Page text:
About 5,000 teachers rallied at the Kentucky State Capitol on Monday to protest the passage last week of a pension reform measure that...well, it doesn't actually do much of anything to change their retirement plans.
But the bill might help bring Kentucky's public sector retirement plans back from the brink of financial collapse.
Under the terms of the bill that zipped through the legislature on Thursday, teachers hired after January 1, 2019, would be moved into a new retirement system using a so-called "hybrid cash-balance retirement plan," which retains some elements of a traditional pension and includes individual investment options similar to a 401(k) plan. Future hires know they won't lose their money—which makes the plans significantly less risky than 401(k) plans in the private sector—but taxpayers will no longer be responsible for making up the difference when the pension investments fall short of expectations. (The Pension Integrity Project at the Reason Foundation, which publishes this blog, provided technical assistance to Gov. Matt Bevin and state legislators as they crafted various pension reform proposals over the past year.)
Those future hires might also have to work a little longer before qualifying for retirement. While current teachers will still be able to retire after 27 years on the job, those hired next year will have to work until they are 65 or until their age and years of service add up to 87—a 57-year-old teacher with 30 years of service would be eligible to retire, for example.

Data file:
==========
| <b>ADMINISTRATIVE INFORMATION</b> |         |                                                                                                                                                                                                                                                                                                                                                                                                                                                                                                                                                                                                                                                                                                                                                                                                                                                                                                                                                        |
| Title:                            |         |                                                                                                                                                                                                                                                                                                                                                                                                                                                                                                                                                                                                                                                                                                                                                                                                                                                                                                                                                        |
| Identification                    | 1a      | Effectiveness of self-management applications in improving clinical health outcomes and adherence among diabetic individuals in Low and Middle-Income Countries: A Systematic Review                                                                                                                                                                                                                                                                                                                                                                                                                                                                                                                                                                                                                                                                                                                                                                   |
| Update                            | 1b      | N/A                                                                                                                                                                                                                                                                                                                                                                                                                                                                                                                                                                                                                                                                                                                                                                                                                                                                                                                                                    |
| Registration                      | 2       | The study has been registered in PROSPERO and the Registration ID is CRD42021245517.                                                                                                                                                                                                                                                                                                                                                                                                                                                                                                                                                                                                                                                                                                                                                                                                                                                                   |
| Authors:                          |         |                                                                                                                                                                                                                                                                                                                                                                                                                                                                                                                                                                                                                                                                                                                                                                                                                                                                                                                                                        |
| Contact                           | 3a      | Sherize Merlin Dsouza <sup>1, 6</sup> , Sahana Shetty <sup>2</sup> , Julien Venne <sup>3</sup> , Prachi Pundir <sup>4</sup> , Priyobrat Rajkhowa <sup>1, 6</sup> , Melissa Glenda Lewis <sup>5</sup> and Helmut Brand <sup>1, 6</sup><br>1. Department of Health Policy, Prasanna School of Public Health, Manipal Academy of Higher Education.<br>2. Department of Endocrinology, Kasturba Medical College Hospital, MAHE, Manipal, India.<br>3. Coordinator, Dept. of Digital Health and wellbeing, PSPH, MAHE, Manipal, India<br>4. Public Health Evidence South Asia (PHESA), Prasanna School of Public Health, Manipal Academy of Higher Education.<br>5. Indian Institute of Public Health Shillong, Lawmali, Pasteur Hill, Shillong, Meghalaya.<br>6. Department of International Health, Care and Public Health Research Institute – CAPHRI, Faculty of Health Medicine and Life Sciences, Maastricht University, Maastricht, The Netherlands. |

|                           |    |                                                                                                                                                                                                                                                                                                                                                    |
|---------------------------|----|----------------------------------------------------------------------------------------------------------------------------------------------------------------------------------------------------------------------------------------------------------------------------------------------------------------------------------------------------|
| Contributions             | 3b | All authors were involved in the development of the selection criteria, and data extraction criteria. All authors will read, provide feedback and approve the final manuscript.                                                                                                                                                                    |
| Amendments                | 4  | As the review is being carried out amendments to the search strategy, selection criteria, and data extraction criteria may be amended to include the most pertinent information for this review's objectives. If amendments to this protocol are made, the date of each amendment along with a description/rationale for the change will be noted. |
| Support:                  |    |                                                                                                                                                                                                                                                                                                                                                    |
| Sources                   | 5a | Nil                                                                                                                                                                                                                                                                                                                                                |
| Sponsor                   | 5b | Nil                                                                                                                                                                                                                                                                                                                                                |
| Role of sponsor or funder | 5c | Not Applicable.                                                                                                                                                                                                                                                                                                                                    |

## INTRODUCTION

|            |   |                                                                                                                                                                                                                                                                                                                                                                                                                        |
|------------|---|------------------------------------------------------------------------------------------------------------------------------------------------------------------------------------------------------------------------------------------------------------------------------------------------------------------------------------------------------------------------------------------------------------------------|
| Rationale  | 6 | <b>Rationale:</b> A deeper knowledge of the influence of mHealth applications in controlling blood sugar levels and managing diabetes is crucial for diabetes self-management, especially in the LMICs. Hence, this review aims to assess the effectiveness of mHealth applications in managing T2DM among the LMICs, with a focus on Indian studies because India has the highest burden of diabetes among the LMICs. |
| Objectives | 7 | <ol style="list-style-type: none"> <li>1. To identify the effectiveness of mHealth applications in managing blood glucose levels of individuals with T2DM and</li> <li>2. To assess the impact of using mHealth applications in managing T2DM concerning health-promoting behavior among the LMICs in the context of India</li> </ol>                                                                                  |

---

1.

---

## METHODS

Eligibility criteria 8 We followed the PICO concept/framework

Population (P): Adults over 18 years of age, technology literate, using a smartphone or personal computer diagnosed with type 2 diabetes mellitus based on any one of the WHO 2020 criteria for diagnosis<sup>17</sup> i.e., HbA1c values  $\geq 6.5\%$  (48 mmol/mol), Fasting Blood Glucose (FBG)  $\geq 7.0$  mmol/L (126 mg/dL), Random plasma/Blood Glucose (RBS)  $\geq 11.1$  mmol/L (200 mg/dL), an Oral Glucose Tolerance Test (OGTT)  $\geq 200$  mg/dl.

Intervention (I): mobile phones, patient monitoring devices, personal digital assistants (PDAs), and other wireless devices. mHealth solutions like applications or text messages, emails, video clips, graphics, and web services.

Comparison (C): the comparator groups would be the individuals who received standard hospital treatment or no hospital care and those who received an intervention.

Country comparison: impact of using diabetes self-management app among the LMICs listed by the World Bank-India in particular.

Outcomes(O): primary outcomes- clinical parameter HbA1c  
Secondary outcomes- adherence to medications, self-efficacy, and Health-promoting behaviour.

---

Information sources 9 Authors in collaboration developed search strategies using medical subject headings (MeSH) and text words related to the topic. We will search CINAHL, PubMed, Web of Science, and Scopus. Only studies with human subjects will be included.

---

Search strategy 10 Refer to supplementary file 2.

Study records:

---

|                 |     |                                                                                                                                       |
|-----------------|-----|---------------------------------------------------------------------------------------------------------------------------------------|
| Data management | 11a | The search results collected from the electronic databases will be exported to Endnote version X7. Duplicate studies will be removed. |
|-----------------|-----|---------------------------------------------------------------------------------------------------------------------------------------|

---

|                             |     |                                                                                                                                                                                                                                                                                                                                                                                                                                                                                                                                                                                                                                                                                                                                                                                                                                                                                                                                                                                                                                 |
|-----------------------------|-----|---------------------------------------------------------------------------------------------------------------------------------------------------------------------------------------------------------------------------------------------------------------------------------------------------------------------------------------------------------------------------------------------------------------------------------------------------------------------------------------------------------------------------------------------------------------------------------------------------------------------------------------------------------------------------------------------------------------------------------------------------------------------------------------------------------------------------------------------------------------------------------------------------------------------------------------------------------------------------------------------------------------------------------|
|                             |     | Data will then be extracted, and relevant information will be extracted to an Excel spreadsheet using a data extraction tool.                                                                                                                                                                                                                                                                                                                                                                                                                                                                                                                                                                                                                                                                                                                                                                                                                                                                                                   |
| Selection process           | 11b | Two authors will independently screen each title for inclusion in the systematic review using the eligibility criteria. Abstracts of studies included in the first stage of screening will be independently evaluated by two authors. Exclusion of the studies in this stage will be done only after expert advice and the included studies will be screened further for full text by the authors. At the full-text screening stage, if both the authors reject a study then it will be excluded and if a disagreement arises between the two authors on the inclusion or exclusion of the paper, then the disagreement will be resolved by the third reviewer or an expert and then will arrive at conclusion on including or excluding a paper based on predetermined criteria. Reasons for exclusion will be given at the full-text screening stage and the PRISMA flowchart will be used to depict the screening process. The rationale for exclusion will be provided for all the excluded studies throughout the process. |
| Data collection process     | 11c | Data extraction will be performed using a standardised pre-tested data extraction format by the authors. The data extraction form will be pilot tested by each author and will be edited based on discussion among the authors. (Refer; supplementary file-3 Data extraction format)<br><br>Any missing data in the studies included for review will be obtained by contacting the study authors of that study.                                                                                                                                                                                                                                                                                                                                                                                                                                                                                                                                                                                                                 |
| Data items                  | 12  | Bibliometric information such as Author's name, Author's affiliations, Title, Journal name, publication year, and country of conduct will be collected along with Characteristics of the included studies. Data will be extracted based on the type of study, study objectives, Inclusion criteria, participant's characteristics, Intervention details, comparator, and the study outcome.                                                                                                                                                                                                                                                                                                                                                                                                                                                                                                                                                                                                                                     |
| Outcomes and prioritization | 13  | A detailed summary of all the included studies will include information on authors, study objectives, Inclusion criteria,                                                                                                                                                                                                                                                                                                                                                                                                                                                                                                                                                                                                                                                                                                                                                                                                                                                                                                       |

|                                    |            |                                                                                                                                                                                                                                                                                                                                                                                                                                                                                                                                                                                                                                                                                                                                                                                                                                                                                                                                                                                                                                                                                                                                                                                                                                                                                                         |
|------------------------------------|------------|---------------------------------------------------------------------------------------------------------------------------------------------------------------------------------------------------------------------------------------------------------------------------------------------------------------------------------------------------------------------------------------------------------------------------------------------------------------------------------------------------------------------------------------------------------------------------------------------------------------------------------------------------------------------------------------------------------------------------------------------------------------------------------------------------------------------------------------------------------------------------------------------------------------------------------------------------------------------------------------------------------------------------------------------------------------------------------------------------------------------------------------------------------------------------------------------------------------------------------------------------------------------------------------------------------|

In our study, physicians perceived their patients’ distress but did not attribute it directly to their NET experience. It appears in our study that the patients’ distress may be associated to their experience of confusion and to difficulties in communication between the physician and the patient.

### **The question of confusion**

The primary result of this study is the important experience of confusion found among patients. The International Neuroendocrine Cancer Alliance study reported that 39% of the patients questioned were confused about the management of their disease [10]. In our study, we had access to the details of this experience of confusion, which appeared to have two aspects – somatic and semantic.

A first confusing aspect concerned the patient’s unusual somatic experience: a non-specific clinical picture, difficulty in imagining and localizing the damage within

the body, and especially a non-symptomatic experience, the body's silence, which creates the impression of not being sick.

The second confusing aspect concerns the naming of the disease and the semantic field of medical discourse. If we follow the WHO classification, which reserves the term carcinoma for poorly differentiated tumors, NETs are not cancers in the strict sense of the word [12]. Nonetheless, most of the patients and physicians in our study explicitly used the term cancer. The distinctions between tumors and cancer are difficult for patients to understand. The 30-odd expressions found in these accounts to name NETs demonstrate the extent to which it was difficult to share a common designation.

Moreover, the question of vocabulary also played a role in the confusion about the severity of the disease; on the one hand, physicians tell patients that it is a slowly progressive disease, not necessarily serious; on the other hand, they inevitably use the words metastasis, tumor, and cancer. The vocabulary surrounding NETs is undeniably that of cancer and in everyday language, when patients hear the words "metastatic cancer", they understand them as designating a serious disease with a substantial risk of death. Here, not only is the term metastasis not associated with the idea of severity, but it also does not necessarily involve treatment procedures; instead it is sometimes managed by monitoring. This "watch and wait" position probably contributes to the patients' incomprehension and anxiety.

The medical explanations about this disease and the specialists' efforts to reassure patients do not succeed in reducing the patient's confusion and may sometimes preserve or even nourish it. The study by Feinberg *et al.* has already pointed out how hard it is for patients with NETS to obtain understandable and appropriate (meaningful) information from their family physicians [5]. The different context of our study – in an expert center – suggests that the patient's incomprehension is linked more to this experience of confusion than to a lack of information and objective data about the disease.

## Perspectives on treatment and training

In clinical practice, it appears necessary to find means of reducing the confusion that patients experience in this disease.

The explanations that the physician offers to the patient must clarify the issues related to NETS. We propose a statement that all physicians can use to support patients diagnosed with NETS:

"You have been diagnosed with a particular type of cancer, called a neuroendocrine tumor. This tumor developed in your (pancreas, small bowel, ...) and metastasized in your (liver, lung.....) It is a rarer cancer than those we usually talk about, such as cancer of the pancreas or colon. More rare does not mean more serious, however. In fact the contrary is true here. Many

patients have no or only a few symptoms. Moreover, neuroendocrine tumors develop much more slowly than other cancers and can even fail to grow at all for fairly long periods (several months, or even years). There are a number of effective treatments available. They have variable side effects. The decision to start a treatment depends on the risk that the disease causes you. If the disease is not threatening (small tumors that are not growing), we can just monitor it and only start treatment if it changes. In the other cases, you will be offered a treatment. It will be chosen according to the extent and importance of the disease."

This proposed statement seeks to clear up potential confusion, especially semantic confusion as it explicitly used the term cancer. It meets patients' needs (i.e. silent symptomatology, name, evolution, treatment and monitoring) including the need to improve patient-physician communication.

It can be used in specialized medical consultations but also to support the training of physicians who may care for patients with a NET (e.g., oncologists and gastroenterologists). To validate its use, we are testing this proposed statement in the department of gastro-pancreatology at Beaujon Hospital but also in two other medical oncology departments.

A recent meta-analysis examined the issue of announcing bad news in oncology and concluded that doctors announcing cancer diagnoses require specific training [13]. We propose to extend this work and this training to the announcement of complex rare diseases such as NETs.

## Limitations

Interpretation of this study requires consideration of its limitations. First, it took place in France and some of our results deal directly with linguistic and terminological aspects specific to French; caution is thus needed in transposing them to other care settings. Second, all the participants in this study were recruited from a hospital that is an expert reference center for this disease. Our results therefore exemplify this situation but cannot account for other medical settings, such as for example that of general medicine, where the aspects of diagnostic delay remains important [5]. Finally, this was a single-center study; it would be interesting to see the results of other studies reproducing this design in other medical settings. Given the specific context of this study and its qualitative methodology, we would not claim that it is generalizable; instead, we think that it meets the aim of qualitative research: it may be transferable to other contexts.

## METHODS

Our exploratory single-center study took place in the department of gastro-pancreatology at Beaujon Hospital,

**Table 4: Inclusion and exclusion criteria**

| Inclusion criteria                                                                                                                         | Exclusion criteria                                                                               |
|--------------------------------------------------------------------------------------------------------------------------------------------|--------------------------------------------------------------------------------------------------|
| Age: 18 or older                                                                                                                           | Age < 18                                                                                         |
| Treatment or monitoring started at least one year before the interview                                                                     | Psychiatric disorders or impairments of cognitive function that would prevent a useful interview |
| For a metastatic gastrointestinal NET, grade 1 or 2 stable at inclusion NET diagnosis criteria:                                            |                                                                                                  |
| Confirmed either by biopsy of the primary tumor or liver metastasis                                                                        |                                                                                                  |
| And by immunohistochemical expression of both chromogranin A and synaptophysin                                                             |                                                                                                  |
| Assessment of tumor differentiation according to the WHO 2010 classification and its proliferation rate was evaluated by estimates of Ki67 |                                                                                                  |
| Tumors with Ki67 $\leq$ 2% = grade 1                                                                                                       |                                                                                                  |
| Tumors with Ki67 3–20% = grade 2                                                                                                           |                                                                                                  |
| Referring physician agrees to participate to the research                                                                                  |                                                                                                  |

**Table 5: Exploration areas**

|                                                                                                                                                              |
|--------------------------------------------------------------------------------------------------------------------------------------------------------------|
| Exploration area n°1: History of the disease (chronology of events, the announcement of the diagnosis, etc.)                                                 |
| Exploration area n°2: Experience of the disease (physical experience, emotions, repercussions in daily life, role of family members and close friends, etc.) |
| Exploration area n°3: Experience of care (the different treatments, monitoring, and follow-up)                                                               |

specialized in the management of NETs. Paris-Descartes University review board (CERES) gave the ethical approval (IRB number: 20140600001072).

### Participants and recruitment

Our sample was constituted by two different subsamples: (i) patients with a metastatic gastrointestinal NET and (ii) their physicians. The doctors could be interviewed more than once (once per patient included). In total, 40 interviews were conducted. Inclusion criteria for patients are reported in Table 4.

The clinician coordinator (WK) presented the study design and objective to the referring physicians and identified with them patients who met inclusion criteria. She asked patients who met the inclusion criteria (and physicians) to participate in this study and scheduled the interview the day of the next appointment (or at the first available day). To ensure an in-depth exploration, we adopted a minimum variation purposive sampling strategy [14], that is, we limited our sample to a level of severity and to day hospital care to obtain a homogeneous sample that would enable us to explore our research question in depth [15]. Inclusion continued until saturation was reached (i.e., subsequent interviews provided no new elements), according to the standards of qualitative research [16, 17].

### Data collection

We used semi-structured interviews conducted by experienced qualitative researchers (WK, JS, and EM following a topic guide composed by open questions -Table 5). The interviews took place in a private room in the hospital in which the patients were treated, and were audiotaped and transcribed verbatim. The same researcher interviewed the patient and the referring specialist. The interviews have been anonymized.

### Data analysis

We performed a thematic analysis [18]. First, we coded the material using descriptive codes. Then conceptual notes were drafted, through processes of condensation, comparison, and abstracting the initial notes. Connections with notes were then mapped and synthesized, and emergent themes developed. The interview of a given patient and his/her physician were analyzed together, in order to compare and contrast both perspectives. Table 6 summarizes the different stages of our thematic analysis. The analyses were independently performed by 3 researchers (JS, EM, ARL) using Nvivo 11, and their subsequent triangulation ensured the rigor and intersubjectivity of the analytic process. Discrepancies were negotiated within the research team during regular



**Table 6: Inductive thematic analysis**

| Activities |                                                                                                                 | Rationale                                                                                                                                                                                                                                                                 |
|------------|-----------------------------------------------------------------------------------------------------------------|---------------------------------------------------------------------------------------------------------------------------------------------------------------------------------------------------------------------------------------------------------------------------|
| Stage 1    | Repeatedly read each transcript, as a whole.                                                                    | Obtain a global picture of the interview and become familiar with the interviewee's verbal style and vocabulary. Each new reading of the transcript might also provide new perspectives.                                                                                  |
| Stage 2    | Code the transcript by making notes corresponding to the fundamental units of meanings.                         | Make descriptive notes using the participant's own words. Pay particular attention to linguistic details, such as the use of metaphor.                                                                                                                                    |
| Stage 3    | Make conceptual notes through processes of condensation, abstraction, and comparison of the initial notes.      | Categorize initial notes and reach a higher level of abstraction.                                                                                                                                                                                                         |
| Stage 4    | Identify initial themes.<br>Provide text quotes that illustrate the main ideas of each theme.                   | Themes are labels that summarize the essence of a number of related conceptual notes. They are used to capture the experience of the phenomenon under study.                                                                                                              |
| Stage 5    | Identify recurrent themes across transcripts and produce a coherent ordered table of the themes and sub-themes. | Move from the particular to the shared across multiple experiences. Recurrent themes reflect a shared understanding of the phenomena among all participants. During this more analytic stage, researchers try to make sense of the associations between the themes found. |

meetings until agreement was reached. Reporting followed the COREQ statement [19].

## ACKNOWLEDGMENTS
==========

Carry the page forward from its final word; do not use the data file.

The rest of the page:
None of those provisions affect the thousands of current and retired teachers who swarmed the state capitol promising to throw out the bums who had allegedly shortchanged their retirement plans. Andrew Beaver, a 32-year-old middle school math teacher, told The New York Times that he and his colleagues were angry about (in the Times' words) "not having a seat at the negotiation table" with Republican Gov. Matt Bevin and the Republican-controlled state legislature.
Bevin had pushed for a version of the bill that included changes to future cost-of-living adjustments for current teachers and retirees. But that provision was stripped from the bill after earlier opposition from the teachers who now say they did not have a seat at the negotiating table. Indeed, hundreds of teachers swarmed the state capitol in mid-March to have their voices heard as state lawmakers debated the pension proposal. The state set up a website to collect feedback from the public on various pension proposals too.
The public has the right to participate in the legislative process, but no one is entitled to get what they want out of it. This is political theater.
Protests like the one staged in Frankfort—and the walkouts in schools around the state this week—are meant to flex the public sector unions' muscles and make state lawmakers think twice about making more changes in the future. This isn't about retirement planning; it's about political power.